Your 10-second guide to today's Australian jobs report

Dave J Hogan/Getty ImagesUsain Bolt. On the lookout for a job in Australia. Maybe.

Australia’s jobs report for June is about to be released.

While the labour force survey has always been one of Australia’s most important data releases, its influence has perhaps grown this year given the Reserve Bank of Australia (RBA) is relying upon it to achieve many of its policy objectives.

For one, it’s banking on strong hiring levels to help lower unemployment, boost wage pressures and bolster economic growth though a pickup in household spending. If all goes to plan, that should help to lift inflationary pressures, eventually allowing the bank to begin normalising interest rates.

Secondly, despite a slowdown in household credit growth in recent years, it’s still growing faster than incomes, increasing household leverage. At 190%, Australia’s household debt to disposable income ratio is the highest its ever been, meaning stronger labour market conditions will be required to bolster income levels, helping to level out, and eventually reduce, this ratio.

Be it for growth and inflation targets, or financial stability risks, the labour market is key, meaning all jobs reports have now taken on an extra degree of importance.

Today will be no exception.

Here’s the state of play.

  • In May, Australia’s unemployment rate tumbled to a six-month low of 5.4%, largely reflecting a decline in labour force participation rather than a solid pickup in hiring.
  • Employment rose by 12,000, missing forecasts for an increase of 19,000. April’s jobs increase — originally reported as a gain of 22,600 — was revised down to 18,400.
  • Full-time employment decreased by 20,600, offset by a sharp lift in part-time employment of 32,600.
  • Reflecting those trends, total hours worked fell by 24.2 million hours, or 1.4%, to 1.7388 billion hours, reversing gains achieved in April.
  • Over the year, full-time employment increased by 178,800, slightly faster than the 125,100 lift in part-time employment. Combined, total employment increased by 303,900, continuing to slow from the levels seen last year.
  • Despite the undershoot on employment in May, and helping to explain why unemployment fell, labour force participation slipped from 65.7% to 65.5%, reflecting a 14,800 decline in the size of Australia’s labour force.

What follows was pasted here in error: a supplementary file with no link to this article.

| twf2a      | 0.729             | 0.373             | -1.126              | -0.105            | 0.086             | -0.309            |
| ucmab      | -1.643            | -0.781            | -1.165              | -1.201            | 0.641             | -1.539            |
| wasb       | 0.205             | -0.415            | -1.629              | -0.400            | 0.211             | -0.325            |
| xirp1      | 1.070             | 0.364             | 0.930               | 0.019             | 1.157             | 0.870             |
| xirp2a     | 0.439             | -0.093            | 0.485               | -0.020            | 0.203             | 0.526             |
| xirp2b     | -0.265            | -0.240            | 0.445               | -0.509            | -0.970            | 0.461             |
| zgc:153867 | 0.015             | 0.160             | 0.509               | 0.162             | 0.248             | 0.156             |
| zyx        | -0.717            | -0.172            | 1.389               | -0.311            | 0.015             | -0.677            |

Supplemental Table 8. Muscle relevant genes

• Along with the small increase in employment, that saw the number of unemployed workers fall by 26,800.
  • Despite the reduction in unemployment, the quarterly underemployment rate — measuring those workers with a job but who would like to work more hours — increased by 0.1 percentage points to 8.5%.
  • That left quarterly labour market utilisation — the broadest measure of slack in the labour market capturing both unemployed and undermployed workers — steady at 13.9%.
  • For wage growth to increase in a meaningful manner, this excess amount of underutilised workers needs to fall.
  • Today, economists expect another solid increase in employment, leaving the unemployment rate steady at 5.4% given an expectation that labour force participation will remain at 65.5%.
  • Of the 22 polled by Bloomberg, the median forecast looks for an increase of 16,500. Individual forecasts range from a gain of anywhere between 5,000 to 30,000.
  • With no underemployment or underutilisation figures contained in today’s report, markets will look to the unemployment rate to gauge whether any further progress has been made on reducing the number of underutilised workers. The split between full and part-time employment, as well as total hours worked, will also be watched closely.
  • Of note, the split between full and part-time employment growth has reversed the prior months moves in recent reports. If that pattern is maintained, it hints that full-time hiring may increase while part-time employment may decline.
  • Leading indicators on employment have been mixed of late. While job vacancies, helped by a surge in openings at labour hire firms, sit at record highs, growth in job ads has slowed noticeably.
  • At its July monetary policy meeting, the RBA described the outlook for the labour market as “positive”. “The vacancy rate is high and other forward-looking indicators continue to point to solid growth in employment. A gradual decline in the unemployment rate is expected, after being steady at around 5.5% for much of the past year,” it said.

The jobs report will be released at 11.30am AEST.

Business Insider will have all of the facts and figures, along with the implications, as soon as it hits the screens.

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